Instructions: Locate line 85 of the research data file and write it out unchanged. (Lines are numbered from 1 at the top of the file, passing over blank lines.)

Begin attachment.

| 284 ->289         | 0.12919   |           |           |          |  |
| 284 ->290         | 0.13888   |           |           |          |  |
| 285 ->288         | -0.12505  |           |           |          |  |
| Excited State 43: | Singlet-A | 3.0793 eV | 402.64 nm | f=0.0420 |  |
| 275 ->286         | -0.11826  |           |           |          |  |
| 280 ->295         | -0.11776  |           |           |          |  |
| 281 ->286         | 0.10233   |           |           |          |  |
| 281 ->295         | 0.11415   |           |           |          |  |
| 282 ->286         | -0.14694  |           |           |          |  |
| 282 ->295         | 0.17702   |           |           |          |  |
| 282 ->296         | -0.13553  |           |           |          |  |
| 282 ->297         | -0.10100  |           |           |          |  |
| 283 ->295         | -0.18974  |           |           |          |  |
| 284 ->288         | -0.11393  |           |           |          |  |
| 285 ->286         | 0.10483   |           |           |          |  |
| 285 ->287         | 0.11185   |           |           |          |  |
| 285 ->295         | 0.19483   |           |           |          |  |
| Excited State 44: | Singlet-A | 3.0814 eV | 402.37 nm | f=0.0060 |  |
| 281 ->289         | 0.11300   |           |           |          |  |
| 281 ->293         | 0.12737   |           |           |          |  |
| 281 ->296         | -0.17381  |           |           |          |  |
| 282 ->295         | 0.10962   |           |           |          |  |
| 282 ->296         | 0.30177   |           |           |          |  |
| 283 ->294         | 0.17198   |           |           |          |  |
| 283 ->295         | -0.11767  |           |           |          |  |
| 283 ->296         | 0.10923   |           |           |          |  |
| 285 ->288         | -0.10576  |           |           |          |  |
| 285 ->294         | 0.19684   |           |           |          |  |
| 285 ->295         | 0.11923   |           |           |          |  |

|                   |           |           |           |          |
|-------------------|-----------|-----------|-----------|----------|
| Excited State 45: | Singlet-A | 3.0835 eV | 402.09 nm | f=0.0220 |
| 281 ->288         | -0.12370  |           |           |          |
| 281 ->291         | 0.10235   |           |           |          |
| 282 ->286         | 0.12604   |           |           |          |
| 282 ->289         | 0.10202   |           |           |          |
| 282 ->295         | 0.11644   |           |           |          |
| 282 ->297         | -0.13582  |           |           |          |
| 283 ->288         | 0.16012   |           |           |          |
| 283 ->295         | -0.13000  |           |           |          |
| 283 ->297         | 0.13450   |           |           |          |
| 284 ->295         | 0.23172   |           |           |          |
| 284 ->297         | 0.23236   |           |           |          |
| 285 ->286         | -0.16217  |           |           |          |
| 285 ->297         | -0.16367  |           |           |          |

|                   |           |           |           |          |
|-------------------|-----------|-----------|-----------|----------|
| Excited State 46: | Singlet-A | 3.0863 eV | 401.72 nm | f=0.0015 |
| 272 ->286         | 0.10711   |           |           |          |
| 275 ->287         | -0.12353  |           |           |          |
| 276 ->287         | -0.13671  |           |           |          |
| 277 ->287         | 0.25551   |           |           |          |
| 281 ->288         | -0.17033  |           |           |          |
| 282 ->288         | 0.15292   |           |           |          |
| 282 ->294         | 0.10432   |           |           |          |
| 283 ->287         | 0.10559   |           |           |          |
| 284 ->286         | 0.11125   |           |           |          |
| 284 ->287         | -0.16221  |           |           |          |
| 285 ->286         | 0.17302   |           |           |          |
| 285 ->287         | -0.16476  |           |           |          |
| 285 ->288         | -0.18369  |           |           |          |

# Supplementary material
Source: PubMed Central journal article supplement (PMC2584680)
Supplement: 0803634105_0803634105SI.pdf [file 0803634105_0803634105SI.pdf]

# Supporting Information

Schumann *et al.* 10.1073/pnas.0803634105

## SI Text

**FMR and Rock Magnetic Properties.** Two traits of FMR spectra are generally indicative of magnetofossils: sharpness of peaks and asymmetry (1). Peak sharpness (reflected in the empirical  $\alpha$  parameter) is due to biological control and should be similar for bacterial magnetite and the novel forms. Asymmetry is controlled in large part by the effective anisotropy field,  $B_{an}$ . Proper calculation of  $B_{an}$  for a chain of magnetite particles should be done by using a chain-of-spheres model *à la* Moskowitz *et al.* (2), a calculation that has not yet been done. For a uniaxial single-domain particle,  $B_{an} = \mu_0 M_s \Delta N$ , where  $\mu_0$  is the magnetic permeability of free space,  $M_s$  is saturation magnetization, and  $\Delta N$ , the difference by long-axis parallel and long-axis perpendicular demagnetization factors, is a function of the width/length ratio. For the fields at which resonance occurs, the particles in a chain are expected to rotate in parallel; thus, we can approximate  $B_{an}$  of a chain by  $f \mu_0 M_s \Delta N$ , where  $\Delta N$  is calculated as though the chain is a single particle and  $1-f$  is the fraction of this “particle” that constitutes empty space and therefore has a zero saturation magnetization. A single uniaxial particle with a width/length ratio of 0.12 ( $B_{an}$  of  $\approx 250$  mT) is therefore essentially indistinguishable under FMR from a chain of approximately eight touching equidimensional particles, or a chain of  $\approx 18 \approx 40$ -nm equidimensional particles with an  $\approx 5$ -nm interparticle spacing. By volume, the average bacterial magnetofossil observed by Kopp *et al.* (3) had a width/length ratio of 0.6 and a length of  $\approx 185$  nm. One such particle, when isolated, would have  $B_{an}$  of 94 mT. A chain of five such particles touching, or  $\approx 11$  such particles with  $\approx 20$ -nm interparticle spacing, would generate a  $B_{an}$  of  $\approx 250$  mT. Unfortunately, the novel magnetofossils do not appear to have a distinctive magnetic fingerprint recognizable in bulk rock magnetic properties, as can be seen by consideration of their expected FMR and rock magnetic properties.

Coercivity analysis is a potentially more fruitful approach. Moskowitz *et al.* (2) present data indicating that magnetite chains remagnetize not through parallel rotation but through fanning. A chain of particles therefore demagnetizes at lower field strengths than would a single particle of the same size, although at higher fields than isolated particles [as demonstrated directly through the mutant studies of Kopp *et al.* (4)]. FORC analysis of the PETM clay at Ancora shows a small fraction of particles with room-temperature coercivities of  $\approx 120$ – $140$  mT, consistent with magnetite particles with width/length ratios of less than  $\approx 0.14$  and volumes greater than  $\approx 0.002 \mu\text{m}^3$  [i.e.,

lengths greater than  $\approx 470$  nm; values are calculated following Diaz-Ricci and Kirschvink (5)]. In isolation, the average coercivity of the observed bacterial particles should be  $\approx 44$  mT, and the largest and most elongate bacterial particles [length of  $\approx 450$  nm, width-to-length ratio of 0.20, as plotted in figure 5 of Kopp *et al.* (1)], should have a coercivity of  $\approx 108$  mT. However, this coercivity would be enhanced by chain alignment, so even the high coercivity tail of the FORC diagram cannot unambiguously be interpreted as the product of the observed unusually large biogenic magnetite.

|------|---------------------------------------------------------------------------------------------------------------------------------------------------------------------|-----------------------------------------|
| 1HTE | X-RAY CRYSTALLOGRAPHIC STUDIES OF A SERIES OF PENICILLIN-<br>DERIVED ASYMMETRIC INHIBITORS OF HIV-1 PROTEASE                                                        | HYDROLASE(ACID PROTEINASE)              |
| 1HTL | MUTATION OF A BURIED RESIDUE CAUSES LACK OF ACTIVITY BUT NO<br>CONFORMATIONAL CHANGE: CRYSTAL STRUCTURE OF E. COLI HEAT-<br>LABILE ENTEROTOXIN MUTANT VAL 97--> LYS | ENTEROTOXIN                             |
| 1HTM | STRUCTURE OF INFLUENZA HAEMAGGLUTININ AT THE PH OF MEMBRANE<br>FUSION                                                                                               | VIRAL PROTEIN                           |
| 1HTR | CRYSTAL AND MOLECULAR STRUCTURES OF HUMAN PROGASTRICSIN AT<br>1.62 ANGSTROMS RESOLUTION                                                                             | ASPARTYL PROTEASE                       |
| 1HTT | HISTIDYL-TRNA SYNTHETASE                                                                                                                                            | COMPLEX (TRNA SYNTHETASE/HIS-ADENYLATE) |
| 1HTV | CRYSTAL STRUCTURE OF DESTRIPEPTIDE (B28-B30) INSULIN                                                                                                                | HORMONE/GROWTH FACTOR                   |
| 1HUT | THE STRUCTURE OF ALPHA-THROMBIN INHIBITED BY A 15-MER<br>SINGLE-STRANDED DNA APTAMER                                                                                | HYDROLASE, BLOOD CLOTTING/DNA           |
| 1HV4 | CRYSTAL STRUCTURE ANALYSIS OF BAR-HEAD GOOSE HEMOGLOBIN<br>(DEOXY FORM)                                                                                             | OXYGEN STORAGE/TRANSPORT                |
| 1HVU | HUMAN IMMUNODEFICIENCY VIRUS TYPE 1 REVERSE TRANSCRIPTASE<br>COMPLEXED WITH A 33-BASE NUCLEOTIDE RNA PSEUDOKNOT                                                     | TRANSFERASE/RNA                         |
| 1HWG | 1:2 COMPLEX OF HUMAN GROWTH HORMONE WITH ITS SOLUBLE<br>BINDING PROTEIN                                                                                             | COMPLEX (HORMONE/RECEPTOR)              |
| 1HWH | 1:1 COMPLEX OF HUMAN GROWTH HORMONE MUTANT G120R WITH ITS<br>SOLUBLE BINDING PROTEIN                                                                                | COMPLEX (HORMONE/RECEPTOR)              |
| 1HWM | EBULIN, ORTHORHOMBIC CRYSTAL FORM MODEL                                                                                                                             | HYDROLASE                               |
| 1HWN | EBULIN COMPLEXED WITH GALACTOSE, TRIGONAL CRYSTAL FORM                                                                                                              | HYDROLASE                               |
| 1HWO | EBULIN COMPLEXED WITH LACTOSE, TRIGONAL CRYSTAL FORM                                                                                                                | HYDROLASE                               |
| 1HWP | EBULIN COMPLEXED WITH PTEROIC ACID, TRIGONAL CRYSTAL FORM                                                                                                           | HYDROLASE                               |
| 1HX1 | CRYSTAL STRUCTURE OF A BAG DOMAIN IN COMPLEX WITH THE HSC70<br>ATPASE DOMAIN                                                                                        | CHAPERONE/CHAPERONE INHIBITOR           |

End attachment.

| 1HWO | EBULIN COMPLEXED WITH LACTOSE, TRIGONAL CRYSTAL FORM                                                                                                                | HYDROLASE                               |